17. 17. <ul><li>METHOD </li></ul><ul><li>Measures </li></ul><ul><li>Tasks based on prior research and on discussions with colleagues and preschool teachers </li></ul><ul><li>Instructions and stimuli translated into Luxembourgish </li></ul><ul><li>Verbal span tasks were pre-tested on 45 children, 4-6 years old </li></ul><ul><li>Verbal span tasks </li></ul><ul><li>Visuo-spatial span tasks </li></ul><ul><li>GF task </li></ul>
  18. 18. <ul><li>METHOD </li></ul><ul><li>Measures </li></ul><ul><li>Verbal simple span tasks </li></ul><ul><li>Digit recall </li></ul><ul><li>Nonword recall </li></ul><ul><li>Verbal complex span tasks </li></ul><ul><li>Backward digit recall </li></ul><ul><li>Backward color recall </li></ul><ul><li>Visuo-spatial span tasks </li></ul><ul><li>Location span task WITH visual grid </li></ul><ul><li>Location span task WITHOUT visual grid (requires additional executive attention control) </li></ul>
  19. 19. <ul><li>METHOD </li></ul><ul><li>Measures </li></ul><ul><li>Verbal simple span tasks </li></ul><ul><li>Digit recall </li></ul><ul><li>Nonword recall </li></ul><ul><li>Verbal complex span tasks </li></ul><ul><li>Backward digit recall </li></ul><ul><li>Backward color recall </li></ul><ul><li>Visuo-spatial span tasks </li></ul><ul><li>Location span task WITH visual grid </li></ul><ul><li>Location span task WITHOUT visual grid (requires additional executive attention control) </li></ul>
  20. 20. METHOD
  21. 21. METHOD Raven ’ s Coloured Progressive Matrices: testing figural reasoning
  22. 22. <ul><li>METHOD </li></ul><ul><li>Structural Equation Models (SEM) </li></ul><ul><li>They offer several advantages relative to traditional analysis with correlational models: </li></ul><ul><ul><li>First, according to Bollen (1989), the variance common to a set of related measures gives a more coherent representation of an underlying theoretical construct than any single measure of a task as task-specific variance is not represented in the variance of the latent construct (given that a broad range of measures is applied). </li></ul></ul><ul><ul><li>Second, latent variables are free of measurement error . It thus provides an unbiased estimate of the relationships between cognitive constructs (cf. Cohen, Cohen, West, & Aiken, 2003). </li></ul></ul>
  23. 23. RESULTS Structure of WM components in children Relationship between WM and GF
  24. 24. RESULTS Structure of WM components in children Relationship between WM and GF
  25. 25. RESULTS Structure of WM components in children
  26. 26. RESULTS Structure of WM components in children
  27. 27.
  28. 28. RESULTS Structure of WM components in children Relationship between WM and GF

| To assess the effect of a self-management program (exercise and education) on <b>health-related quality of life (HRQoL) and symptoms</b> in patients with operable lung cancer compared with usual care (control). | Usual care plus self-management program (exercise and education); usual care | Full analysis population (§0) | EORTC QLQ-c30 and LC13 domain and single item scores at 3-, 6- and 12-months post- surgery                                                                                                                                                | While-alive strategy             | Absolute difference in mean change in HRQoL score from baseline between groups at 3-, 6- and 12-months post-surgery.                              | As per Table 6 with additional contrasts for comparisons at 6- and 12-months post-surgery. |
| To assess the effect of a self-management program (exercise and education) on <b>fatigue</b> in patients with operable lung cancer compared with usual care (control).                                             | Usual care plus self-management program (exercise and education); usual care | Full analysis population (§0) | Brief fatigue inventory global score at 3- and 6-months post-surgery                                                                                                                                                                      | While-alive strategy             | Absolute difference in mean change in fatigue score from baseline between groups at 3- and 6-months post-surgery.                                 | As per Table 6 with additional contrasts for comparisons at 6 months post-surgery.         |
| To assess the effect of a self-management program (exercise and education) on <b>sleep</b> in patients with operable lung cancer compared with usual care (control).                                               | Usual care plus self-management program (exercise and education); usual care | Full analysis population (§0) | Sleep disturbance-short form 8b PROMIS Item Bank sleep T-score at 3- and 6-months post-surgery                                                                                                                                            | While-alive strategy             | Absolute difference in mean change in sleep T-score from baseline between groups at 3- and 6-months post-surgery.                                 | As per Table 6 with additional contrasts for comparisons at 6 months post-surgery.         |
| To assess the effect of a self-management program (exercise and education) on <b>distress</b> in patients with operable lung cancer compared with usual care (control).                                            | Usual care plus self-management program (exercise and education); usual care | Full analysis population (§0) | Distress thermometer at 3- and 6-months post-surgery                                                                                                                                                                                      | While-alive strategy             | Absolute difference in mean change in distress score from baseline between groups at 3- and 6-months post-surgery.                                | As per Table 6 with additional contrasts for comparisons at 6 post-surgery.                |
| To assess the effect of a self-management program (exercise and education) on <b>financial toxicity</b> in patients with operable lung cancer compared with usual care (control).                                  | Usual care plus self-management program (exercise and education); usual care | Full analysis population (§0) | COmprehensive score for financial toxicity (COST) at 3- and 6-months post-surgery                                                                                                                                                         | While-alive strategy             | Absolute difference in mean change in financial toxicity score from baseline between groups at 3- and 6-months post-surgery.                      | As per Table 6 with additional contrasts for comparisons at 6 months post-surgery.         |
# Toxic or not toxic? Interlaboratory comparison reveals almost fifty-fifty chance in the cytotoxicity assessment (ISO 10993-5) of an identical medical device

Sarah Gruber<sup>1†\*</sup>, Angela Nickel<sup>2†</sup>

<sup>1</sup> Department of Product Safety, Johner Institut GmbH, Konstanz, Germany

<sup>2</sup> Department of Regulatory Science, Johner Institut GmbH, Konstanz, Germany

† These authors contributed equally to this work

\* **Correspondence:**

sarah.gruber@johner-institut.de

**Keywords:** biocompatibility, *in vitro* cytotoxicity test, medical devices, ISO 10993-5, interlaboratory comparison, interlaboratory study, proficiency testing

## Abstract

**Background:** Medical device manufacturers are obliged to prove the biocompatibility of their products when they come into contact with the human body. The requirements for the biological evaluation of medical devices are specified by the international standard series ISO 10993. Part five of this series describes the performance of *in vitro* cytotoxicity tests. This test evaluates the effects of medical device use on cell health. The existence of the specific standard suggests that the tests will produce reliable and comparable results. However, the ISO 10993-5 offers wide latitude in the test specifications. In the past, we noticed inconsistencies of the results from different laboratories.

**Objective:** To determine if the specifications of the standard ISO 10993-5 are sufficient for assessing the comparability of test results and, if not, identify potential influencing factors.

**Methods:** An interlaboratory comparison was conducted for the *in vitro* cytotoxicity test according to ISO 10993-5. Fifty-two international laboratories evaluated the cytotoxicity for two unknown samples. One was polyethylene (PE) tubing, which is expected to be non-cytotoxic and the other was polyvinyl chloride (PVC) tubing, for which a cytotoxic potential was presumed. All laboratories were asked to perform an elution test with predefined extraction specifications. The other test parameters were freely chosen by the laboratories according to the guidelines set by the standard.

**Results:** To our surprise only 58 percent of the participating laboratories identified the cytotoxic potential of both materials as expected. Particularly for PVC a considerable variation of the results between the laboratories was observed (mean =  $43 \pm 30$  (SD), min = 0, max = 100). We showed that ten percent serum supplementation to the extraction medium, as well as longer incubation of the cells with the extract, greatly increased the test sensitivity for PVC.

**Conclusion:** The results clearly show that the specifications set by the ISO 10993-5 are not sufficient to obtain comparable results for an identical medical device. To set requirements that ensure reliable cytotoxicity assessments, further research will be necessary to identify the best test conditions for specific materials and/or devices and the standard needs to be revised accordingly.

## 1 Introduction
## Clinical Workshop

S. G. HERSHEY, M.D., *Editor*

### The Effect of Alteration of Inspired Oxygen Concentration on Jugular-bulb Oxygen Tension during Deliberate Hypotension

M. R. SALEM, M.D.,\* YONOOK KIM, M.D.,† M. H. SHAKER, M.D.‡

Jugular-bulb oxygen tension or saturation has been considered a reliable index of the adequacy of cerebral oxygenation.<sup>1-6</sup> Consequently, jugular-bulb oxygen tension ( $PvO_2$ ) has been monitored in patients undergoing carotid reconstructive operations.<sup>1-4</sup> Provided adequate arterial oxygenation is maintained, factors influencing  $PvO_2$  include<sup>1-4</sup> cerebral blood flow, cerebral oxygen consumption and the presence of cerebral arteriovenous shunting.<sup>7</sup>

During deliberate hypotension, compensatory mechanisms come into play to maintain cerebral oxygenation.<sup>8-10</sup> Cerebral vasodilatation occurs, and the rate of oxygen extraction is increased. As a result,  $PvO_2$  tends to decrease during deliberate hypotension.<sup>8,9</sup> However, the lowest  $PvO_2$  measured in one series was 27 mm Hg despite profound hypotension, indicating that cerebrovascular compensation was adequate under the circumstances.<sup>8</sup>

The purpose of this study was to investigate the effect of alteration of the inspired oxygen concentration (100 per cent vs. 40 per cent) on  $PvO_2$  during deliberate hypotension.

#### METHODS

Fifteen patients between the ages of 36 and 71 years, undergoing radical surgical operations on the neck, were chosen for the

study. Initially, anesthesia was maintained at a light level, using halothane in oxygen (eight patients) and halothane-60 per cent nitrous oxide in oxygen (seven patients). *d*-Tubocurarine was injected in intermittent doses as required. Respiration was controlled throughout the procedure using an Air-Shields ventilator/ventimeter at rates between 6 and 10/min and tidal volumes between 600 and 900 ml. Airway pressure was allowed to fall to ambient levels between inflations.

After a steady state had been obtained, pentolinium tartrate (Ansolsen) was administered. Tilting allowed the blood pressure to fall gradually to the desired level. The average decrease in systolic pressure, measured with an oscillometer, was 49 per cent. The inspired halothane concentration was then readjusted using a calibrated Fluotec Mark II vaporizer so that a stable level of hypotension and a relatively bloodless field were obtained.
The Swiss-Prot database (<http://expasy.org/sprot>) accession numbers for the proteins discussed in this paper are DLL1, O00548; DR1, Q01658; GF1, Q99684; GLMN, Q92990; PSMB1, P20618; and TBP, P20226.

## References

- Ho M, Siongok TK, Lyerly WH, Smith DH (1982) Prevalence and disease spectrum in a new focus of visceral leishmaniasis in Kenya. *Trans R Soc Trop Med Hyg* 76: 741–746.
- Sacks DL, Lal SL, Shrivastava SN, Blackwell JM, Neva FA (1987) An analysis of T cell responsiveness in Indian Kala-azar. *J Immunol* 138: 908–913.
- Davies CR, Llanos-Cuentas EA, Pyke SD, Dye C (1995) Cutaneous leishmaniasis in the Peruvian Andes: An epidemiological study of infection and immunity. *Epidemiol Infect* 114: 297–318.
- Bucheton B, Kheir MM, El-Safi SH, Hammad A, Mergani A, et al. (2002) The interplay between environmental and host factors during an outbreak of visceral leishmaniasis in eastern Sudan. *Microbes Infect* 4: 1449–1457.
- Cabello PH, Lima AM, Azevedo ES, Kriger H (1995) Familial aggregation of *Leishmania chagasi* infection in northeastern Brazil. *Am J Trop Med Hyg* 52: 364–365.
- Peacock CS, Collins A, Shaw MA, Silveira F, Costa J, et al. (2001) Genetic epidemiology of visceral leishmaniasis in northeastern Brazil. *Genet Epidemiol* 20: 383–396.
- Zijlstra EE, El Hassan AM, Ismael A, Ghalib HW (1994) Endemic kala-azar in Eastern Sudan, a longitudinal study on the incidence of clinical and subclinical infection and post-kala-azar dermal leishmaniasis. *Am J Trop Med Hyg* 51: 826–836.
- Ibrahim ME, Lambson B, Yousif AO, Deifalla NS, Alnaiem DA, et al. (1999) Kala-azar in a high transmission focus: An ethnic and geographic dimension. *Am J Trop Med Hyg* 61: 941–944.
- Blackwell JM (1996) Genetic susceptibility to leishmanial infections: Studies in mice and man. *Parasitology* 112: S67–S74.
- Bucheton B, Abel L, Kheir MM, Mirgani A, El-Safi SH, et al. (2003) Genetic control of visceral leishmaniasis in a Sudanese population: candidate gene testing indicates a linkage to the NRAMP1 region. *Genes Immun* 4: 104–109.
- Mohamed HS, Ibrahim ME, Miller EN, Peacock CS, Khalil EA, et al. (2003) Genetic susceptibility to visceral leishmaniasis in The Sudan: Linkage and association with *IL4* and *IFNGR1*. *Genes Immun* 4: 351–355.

29. 29. RESULTS Relationship between WM and GF
  30. 30. RESULTS Relationship between WM and GF
  31. 31.
  32. 32. RESULTS
  33. 33. CONCLUSIONS (WM) Models 4, 5 & 6 suggest that children, like adults, draw on storage and non-storage processes when completing memory-span tasks Model 4: task impurity problem Models 5 & 6: emphasis on domain-general processes supporting storage ( “ in the focus of attention ” )
  34. 34. CONCLUSIONS (WM & GF) STORAGE and NON-STORAGE components are RELATED to FLUID INTELLIGENCE SHORT-TERM STORAGE CAPACITY predominantly EXPLAINS their RELATION in CHILDREN Short-Term Storage is an ATTENTION-DEMANDING PROCESS (COWAN et al., 2006: attention for storage and attention for processing)
  35. 35. CONCLUSIONS (WM & GF) Simple span tasks are equivalently good indicators of children ’ s core storage capacity as complex span tasks. This capacity is essential for reasoning and problem-solving and explains individual differences in fluid intelligence.
  36. 36. Further details in our recently published paper: Hornung, C., Brunner, M., Reuter, R. A. P., & Martin, R. (2011). Children ’ s working memory: Its structure and relationship to fluid intelligence. Intelligence , 39 (4), 210-221. doi:16/j.intell.2011.03.002
  37. 37. for advanced questions, please email caroline.hornung@gmail.com
  38. 38. THANK YOU FOR YOUR ATTENTION!
  39. 39. ABSTRACT Working memory (WM) has been predominantly studied in adults . The insights provided by these studies have led to the development of competing theories on the structure of WM and conflicting conclusions on how strongly WM components are related to higher order thinking skills such as fluid intelligence (GF). However, it remains unclear whether and to what extent the theories and findings derived from adult data generalize to children . The purpose of the present study was therefore to investigate WM in 5-to-7-year-old children (N = 161). Specifically, we examined different structural models of WM and how its components , as defined in these models, are related to GF . Our results suggest that children draw on both domain-general and domain-specific processes when performing memory span . Crucially, our findings indicate that domain-general processes result in a core storage capacity that primarily explains the relationship between WM and GF . Based on these observations we discuss the theoretical and methodological issues that arise when children ’ s WM is investigated.